For example, we can introduce a "Month2" variable and fill its value from the "Month" variable. "Month2" will not appear on the variable screen. But why do we need duplicate entries for the month? Because the first variable is a characteristic variable. We can use it only for filtering, but we cannot use it for a dynamic description. That’s why we need a second month variable as a text variable. With manual entry, we would ask to enter the same information twice on the screen. But with the replacement path, we can hide a variable and copy its value from another variable. The rest of the process is the same. The query passes the values to the database. The database collects the data. And finally the table appears with the result.

Replacement with infoobject

We can use replacement with infoobject also.

Replacement with infoobject

The result and the process is similar. Just we refer to one of the fields in the query, instead of to another variable. In this case, this variable gets its value from the query result. Maybe we want to refer to a book type, but we didn’t use any variable for it. In this case we can use the replacement with infoobject. The variable can read the result values of the book type. If there are more possible values to replace, it can copy the first or the last value from the query.

Customer Exit Variables

The next processing type is the customer exit variable. It still works mainly with hidden variables like the replacement path. The difference is in the complexity.

Customer Exit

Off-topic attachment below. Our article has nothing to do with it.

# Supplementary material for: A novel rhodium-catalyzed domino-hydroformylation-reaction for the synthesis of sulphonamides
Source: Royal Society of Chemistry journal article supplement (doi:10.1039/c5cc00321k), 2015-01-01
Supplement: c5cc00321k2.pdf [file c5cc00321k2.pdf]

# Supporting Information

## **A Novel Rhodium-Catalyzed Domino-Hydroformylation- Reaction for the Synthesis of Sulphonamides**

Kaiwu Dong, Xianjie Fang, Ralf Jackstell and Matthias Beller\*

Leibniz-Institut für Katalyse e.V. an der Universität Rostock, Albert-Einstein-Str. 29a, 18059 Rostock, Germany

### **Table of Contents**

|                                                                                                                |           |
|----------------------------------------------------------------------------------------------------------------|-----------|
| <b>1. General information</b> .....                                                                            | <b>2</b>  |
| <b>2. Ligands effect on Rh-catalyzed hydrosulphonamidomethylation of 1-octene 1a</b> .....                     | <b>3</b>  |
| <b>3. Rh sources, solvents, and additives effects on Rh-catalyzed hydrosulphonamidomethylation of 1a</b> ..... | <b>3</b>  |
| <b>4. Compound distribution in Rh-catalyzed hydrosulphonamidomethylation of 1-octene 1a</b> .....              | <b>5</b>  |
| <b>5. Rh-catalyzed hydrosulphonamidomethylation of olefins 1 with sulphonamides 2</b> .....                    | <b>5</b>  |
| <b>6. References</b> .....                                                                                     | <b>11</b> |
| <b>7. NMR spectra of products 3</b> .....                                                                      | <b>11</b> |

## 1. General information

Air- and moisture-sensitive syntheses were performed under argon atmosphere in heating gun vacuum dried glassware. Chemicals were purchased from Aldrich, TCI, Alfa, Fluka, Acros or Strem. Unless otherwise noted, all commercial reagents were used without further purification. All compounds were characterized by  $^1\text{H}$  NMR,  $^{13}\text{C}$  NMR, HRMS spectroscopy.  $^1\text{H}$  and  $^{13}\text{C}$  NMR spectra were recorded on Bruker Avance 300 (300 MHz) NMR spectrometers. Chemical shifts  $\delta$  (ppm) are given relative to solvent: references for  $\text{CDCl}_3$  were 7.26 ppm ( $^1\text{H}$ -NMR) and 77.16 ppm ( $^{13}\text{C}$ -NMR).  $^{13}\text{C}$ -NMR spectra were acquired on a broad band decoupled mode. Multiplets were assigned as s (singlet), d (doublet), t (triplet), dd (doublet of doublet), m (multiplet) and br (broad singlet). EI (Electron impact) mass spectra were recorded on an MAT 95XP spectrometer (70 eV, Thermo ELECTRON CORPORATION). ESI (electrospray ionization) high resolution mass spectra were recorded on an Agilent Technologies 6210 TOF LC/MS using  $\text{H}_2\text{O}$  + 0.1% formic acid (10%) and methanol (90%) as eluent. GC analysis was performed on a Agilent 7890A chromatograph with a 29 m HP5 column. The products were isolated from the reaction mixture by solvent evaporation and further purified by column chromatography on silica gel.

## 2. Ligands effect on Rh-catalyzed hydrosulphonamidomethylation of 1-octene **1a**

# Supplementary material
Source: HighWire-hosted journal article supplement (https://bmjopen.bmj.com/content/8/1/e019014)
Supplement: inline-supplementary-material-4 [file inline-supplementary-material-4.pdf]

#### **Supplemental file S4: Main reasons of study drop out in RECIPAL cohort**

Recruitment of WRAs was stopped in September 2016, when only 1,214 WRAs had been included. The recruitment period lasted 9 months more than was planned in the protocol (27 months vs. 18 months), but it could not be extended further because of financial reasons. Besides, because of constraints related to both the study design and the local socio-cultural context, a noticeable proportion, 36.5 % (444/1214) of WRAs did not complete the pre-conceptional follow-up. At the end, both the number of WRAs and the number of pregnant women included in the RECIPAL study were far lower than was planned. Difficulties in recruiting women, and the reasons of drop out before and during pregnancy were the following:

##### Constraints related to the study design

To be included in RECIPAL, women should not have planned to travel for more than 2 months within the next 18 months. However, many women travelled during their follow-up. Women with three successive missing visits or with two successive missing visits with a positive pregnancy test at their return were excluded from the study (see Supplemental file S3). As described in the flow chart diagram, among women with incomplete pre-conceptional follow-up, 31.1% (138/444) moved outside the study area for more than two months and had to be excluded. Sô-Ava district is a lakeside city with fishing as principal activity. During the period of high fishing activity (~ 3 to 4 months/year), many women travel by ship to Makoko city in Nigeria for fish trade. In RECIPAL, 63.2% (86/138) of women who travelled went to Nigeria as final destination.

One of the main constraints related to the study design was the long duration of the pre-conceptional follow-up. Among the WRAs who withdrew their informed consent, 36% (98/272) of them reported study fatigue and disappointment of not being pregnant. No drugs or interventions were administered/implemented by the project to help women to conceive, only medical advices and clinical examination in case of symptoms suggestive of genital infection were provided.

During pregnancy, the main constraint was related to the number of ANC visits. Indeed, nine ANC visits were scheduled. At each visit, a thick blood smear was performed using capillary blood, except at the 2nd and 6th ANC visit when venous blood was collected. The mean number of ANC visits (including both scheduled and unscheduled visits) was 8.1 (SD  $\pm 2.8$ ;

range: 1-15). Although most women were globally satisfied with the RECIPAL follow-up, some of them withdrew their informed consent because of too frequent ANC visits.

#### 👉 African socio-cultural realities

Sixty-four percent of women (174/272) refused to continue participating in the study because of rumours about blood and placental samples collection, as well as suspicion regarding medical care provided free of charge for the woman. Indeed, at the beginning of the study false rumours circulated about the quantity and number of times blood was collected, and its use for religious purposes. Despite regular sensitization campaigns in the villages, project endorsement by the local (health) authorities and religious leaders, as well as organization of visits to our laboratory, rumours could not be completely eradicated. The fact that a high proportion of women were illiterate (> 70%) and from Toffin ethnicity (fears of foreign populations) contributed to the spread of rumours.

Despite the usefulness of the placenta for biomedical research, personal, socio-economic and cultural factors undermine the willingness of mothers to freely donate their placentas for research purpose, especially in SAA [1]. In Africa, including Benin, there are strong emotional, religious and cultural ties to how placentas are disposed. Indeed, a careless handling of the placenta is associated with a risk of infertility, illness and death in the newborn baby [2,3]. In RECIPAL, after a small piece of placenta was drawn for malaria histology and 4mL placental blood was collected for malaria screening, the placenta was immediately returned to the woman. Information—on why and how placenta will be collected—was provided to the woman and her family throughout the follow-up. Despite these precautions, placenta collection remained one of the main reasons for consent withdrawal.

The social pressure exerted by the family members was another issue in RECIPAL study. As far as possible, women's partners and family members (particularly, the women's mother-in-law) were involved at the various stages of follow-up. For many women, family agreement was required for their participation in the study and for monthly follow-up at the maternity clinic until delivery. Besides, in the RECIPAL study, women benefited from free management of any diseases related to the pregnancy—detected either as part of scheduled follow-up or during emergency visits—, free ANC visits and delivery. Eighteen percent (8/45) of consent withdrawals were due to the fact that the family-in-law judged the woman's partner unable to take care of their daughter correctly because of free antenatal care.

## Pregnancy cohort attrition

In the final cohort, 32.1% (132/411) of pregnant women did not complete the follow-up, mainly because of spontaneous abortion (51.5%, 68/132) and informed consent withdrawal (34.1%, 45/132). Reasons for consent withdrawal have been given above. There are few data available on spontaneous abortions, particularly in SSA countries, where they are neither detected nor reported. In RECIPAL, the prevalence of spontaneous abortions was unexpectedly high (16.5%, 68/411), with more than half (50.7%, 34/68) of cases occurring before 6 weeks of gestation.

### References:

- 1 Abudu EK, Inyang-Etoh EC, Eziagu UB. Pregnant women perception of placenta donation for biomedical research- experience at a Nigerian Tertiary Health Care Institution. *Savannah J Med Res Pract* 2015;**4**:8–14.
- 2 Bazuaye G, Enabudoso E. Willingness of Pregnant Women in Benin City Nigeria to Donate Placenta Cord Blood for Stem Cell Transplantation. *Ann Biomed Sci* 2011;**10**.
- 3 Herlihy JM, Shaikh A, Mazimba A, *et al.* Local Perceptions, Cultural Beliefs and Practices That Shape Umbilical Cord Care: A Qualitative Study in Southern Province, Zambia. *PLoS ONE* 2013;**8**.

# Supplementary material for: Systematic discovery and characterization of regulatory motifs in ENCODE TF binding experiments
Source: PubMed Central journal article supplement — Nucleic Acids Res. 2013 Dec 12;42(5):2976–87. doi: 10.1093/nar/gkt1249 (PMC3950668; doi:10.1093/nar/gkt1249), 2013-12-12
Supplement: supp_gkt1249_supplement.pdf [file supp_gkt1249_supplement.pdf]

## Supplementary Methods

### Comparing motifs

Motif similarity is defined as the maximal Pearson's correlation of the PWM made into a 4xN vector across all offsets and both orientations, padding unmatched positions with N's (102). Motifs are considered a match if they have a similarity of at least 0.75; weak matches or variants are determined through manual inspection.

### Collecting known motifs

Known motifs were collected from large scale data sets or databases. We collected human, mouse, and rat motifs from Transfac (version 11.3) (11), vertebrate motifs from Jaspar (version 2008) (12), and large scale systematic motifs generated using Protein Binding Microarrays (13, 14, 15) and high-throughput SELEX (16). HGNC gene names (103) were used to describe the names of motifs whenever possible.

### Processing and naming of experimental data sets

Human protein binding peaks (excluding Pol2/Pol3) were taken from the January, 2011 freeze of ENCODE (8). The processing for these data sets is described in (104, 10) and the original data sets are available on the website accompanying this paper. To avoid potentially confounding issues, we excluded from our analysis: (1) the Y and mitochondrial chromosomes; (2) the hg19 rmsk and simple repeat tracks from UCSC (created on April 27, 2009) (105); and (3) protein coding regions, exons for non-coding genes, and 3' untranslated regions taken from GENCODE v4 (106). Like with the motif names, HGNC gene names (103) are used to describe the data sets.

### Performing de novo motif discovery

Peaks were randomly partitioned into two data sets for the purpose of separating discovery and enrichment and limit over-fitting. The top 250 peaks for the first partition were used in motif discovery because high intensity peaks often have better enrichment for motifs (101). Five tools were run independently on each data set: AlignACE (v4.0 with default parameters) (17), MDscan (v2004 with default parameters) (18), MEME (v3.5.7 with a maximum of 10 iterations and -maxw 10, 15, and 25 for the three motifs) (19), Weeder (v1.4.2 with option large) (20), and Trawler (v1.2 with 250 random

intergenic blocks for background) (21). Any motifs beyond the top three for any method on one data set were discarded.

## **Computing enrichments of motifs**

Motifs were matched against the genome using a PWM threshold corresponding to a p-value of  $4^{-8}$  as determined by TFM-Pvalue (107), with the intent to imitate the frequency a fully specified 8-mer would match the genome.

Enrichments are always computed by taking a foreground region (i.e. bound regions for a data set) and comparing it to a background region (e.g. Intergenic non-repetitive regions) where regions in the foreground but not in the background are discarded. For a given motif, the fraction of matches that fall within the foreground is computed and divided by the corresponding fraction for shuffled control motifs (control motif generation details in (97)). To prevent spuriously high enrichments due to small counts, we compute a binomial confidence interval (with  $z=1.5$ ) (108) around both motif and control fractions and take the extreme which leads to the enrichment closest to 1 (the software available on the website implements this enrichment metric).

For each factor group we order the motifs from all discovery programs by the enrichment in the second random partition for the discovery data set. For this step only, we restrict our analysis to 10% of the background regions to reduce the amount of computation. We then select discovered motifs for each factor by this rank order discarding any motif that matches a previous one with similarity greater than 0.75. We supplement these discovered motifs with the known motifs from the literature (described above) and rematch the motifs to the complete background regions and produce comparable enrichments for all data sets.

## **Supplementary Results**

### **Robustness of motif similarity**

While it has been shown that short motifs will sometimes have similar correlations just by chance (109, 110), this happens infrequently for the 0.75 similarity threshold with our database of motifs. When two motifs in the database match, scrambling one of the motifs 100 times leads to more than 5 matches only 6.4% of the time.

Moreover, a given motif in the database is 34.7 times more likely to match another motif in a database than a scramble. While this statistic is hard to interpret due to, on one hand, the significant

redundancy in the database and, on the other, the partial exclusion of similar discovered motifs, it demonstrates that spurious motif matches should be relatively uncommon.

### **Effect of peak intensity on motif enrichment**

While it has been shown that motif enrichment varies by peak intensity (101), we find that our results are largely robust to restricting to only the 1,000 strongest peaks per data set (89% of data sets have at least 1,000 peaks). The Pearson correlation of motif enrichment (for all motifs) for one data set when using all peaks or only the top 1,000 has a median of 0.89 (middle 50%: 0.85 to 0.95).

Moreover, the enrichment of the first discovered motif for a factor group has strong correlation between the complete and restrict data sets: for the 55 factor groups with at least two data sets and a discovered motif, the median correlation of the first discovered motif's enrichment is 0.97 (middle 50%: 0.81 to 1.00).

For example, if we need to search in several database tables, this is already complex. In this case the replacement path is not enough. But we can write a logic in ABAP. ABAP is the programming language of SAP. We write ABAP code parts to handle more complex scenarios. SAP has predefined places where we can develop our custom logic. We call these places, customer exits. And there is a place also for customer exit variables. The system will run our logic as part of the variable screen processing and will fill our variable. The rest of the process is the same as before. If you are curious how to implement custom logic in ABAP for customer exit variables, I have created a course about that on Pluralsight training site. In the course Introduction to ABAP for SAP Business Warehouse Developers, I discuss in detail the possible scenarios for the customer exit variables and I show code examples for them. This course is also useful, if you want to get familiar with the basics of the ABAP language and with the implementation scenarios in the SAP BW system.

Authorization Variables

The last processing type is the authorization variable. Its name refers to the security system of SAP BW. Let’s say we have a variable Region that we can fill from the authorizations. How does this work?